The Koolie has been bred to be very comfortable sleeping outdoors providing it has some shelter from sun, wind, rain or draughts. So your dog will be happy if taught that when bedtime comes its place is outside. However, if you want a dog as purely an outside dog (never allowed inside) please ask yourself why it is you want a dog and if your lifestyle one that would allow you to spend enough time with your dog every day if it is limited only to your backyard. If you are someone who spends a lot of time inside, like every weekday night in winter after you have been away at work all day, then the amount of time that you would be spending with an outdoor dog would be minimal. Teach your Koolie to lie on its own mat in the living room, whilst your family is watching TV, or sharing other family time together. Your dog will be much happier quietly lying in the same room as you than it would be left alone outside, no matter how big your backyard is.
Whilst usually giving the appearance of confidence, Koolies actually have sensitive natures and they will not stand for harsh treatment. Forceful treatment can make a Koolie shy and unresponsive and display avoidance behaviours when around people. Whilst firm training is required, this must be done with positive kind reinforcement.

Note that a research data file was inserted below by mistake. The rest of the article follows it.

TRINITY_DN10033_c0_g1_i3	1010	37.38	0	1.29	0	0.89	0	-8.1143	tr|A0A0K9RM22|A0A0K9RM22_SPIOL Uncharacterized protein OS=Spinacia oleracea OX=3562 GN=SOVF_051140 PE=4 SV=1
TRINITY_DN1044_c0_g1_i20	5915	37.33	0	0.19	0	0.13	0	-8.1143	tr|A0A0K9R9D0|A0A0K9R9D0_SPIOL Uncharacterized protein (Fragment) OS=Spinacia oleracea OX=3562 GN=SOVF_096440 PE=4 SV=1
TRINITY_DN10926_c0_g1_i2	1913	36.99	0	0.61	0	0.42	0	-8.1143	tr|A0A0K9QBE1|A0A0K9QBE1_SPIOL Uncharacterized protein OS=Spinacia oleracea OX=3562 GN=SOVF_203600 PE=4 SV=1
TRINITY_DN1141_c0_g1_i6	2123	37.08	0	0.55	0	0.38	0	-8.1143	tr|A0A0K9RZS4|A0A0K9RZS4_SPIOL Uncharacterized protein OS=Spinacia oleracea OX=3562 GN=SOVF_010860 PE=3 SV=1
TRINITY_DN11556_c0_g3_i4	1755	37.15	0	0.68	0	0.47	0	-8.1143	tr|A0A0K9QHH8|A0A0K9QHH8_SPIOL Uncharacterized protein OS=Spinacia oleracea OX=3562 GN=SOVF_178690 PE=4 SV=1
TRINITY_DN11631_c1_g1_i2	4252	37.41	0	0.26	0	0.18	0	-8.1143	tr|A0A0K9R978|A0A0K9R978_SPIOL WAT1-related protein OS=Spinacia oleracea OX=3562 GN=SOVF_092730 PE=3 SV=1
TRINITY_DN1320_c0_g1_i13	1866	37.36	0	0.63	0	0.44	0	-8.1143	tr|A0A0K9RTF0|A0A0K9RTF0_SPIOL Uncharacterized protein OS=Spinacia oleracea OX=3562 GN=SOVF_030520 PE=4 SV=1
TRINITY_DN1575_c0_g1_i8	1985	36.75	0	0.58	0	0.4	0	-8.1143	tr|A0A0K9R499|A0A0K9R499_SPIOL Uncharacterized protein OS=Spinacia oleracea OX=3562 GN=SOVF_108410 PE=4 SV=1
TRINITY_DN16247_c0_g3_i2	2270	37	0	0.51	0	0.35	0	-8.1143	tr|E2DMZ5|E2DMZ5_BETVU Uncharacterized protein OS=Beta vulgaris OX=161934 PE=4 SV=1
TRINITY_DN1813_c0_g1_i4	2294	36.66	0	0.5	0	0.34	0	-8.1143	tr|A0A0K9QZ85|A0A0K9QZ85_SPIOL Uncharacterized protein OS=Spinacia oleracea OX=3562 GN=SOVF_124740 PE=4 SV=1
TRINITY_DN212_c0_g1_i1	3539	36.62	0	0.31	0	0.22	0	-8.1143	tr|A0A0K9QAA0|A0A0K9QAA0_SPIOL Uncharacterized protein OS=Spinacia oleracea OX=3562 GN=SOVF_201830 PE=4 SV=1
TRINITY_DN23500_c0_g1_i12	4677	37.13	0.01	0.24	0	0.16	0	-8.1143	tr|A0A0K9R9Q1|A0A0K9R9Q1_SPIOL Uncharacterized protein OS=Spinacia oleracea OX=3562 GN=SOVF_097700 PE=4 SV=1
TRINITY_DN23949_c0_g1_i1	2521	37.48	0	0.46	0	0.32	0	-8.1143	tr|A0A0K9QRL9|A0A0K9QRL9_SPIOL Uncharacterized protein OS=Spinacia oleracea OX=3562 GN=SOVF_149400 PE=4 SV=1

The Koolie, is a loyal dog that loves to ‘work’ and therefore is a dog that loves to be fully involved in life and sharing experiences with its people.
This is an active breed and there are a wide variety of activities that you can share with your dog. Koolie’s excel at Herding, Obedience, Agility and Flyball.
SHARING YOUR LIFE WITH A KOOLIE – ISSUES/TIME AND COMMITMENTS
According to a variety of research into canine breeding and behaviour approximately 40 to 35% of a dogs ultimate behavioural makeup is genetic and the rest (60 to 65%) is attributed to its upbringing, training, socialisation, nutrition and health care.